Freelancers' Questions: How to handle unauthorised use of photos?
Freelancer’s Question: A couple of years ago I allowed some of my wildlife photographs to be used as decoration in one of our company site's restaurants. I submitted a couple of dozen of which they chose seven.
Last year the company re-designed their website and advertising brochures and there, on the website were 11 of my pictures; three of them appear in their brochures too.
I have never been approached or asked for permission to use these pictures and think I deserve to be paid for them as they are now online and being distributed in thousands of brochures. I asked about this and they offered me only £250. I rejected that sum, but stated that I would accept £1,200 for unlimited use of the pictures.
Since then, I have heard nothing and now wonder about my options. I am thinking of submitting an invoice for an amount informed by the "Freelance Fees Guide." But most importantly, do I have any legal footing? All the pictures were taken in my own time.
Expert’s Answer: As a keen photographer who has had some of my own images lifted without my permission, I really am sympathetic to your situation.
Put simply, if you take a photograph, shoot a video, or create a design or artistic work, you own the copyright. No one else may reproduce it, without your permission, by posting it on their website, or printing or copying it in any way. This applies unless you have signed your rights away.
In your case,a couple of dozen photos were submitted to a company. They used seven at the time. Several years later they have used another 11 on their website and three in their brochures.
Unless the company can prove that the photographer released his copyright or gave permission, they had no right to use the photos beyond the initial selection of sevenfor that specific purpose, namely for display in the company’s restaurant.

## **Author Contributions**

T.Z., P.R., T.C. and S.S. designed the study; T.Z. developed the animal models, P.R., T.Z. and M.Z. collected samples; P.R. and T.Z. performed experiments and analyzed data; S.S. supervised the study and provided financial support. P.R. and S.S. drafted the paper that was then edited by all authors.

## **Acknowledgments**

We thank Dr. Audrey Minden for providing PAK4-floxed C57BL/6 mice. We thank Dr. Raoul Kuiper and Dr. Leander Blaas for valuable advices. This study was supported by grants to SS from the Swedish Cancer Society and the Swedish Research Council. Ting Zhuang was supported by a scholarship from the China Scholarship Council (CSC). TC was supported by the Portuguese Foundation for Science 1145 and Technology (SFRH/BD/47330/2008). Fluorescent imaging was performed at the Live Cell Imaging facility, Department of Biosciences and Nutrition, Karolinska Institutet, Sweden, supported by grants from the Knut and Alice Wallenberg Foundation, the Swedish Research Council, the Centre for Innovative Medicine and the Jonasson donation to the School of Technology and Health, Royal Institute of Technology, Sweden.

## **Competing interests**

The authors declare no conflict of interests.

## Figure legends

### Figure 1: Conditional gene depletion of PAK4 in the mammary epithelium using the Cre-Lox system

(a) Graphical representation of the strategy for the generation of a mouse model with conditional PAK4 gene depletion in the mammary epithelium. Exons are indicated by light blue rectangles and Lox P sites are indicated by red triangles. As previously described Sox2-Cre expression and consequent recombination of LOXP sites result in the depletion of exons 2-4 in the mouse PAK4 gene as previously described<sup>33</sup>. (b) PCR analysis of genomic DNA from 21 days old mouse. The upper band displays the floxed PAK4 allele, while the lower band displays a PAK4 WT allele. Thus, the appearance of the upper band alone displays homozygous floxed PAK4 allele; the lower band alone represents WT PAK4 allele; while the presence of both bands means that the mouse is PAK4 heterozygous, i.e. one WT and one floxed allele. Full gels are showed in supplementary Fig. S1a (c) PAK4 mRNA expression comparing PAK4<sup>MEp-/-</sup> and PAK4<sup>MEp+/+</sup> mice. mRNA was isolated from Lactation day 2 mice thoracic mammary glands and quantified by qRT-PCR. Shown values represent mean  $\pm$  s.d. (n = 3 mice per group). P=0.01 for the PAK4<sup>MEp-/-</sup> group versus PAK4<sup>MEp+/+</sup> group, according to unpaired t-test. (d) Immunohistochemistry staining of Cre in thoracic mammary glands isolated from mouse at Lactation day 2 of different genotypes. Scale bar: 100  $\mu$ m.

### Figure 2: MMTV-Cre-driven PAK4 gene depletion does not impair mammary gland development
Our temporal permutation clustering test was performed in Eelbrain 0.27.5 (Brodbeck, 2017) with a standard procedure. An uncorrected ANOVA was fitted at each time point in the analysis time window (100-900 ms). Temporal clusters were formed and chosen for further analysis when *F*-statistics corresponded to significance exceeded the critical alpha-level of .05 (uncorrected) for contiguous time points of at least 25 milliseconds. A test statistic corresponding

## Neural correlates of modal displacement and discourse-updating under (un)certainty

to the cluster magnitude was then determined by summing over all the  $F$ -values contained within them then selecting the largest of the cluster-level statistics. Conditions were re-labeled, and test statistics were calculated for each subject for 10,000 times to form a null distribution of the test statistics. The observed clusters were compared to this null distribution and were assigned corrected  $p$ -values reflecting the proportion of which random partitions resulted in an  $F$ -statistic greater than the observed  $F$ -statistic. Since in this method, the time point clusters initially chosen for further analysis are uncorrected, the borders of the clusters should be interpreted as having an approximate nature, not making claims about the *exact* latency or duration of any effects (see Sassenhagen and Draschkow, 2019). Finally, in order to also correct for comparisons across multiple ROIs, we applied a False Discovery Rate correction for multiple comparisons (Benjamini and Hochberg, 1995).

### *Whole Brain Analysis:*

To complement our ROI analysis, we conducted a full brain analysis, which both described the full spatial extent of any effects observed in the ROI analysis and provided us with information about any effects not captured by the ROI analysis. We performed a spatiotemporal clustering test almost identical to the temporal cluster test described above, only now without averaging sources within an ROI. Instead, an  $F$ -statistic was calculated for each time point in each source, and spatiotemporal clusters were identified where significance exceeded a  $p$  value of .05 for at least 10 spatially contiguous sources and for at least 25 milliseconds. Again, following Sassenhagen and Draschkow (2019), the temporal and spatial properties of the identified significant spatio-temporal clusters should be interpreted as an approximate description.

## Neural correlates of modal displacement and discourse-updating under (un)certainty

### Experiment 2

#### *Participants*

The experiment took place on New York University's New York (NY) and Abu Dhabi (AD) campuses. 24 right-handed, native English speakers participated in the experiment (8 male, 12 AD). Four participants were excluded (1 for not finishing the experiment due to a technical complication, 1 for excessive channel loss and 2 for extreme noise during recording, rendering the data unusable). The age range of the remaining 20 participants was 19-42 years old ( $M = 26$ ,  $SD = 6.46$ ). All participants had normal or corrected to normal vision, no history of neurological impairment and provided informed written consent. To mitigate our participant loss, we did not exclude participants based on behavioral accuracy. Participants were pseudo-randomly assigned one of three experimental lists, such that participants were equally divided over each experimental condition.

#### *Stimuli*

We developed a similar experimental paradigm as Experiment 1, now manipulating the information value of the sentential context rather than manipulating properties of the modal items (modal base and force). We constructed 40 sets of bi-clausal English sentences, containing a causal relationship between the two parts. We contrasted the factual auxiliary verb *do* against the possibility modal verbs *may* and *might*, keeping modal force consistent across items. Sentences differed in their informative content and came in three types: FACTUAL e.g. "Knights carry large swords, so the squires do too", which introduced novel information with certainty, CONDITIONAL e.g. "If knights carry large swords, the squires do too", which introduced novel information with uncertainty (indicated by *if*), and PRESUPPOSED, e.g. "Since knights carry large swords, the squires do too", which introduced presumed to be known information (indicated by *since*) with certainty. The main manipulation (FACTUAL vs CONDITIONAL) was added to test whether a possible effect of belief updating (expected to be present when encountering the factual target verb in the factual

As I understand it, the company have not claimed that copyright was assigned or permission given for the use of the photographs beyond the initial use.
It follows that you, as the photographer, are entitled to seek compensation for breach of copyright. You can elect to recover either damages or the profit made by the company by the use of the photographs.
In most cases the most appropriate and easiest to recover is damages, and this normally equates to the going rate for such photographs. For example, how much would the company have had to pay to a stock image organisation such as Getty Images? £500 per photograph is commonly claimed by Getty when enforcing their copyright, but clearly that is based on their re-sale value.
If a photographer was negotiating with the company at the outset, what would his or her licence fee have been? £1,200 for the use of 11 photographs would seem a reasonable claim. I expect a compromise could be achieved between the £250 offered and the £1,200 claimed. In short, you should press for more money.
The expert was Nigel Musgrove, advising on behalf of Cousins Business Law.
Editor’s Note: Further Reading:
25th January 2012